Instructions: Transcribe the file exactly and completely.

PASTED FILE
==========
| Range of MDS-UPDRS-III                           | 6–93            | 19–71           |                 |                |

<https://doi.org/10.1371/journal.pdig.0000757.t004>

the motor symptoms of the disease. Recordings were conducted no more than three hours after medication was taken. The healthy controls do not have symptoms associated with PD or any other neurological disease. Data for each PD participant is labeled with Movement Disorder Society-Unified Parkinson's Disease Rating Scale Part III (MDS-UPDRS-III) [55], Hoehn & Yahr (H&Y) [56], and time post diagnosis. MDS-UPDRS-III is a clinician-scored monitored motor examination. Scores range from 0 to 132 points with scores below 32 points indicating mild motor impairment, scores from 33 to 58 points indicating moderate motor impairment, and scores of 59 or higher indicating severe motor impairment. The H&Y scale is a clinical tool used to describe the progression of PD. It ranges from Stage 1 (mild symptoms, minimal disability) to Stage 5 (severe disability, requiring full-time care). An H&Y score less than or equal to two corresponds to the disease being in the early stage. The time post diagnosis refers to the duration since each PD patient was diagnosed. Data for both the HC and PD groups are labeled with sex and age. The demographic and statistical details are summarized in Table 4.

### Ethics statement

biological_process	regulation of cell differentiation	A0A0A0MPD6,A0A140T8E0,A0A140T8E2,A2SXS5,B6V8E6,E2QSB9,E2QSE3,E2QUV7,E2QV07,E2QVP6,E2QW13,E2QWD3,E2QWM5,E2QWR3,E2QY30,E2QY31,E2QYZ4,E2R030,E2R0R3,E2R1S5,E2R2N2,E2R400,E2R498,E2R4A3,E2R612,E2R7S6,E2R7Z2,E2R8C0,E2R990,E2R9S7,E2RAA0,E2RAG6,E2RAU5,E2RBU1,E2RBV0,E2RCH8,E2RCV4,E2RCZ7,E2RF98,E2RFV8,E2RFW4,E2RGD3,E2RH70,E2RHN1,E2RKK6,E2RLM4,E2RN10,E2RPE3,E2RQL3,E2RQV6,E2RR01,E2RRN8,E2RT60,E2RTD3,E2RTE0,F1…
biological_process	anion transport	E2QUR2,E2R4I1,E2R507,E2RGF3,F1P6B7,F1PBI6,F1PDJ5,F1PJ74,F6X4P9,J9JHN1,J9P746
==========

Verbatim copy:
| Range of MDS-UPDRS-III                           | 6–93            | 19–71           |                 |                |

<https://doi.org/10.1371/journal.pdig.0000757.t004>

the motor symptoms of the disease. Recordings were conducted no more than three hours after medication was taken. The healthy controls do not have symptoms associated with PD or any other neurological disease. Data for each PD participant is labeled with Movement Disorder Society-Unified Parkinson's Disease Rating Scale Part III (MDS-UPDRS-III) [55], Hoehn & Yahr (H&Y) [56], and time post diagnosis. MDS-UPDRS-III is a clinician-scored monitored motor examination. Scores range from 0 to 132 points with scores below 32 points indicating mild motor impairment, scores from 33 to 58 points indicating moderate motor impairment, and scores of 59 or higher indicating severe motor impairment. The H&Y scale is a clinical tool used to describe the progression of PD. It ranges from Stage 1 (mild symptoms, minimal disability) to Stage 5 (severe disability, requiring full-time care). An H&Y score less than or equal to two corresponds to the disease being in the early stage. The time post diagnosis refers to the duration since each PD patient was diagnosed. Data for both the HC and PD groups are labeled with sex and age. The demographic and statistical details are summarized in Table 4.

### Ethics statement

biological_process	regulation of cell differentiation	A0A0A0MPD6,A0A140T8E0,A0A140T8E2,A2SXS5,B6V8E6,E2QSB9,E2QSE3,E2QUV7,E2QV07,E2QVP6,E2QW13,E2QWD3,E2QWM5,E2QWR3,E2QY30,E2QY31,E2QYZ4,E2R030,E2R0R3,E2R1S5,E2R2N2,E2R400,E2R498,E2R4A3,E2R612,E2R7S6,E2R7Z2,E2R8C0,E2R990,E2R9S7,E2RAA0,E2RAG6,E2RAU5,E2RBU1,E2RBV0,E2RCH8,E2RCV4,E2RCZ7,E2RF98,E2RFV8,E2RFW4,E2RGD3,E2RH70,E2RHN1,E2RKK6,E2RLM4,E2RN10,E2RPE3,E2RQL3,E2RQV6,E2RR01,E2RRN8,E2RT60,E2RTD3,E2RTE0,F1…
biological_process	anion transport	E2QUR2,E2R4I1,E2R507,E2RGF3,F1P6B7,F1PBI6,F1PDJ5,F1PJ74,F6X4P9,J9JHN1,J9P746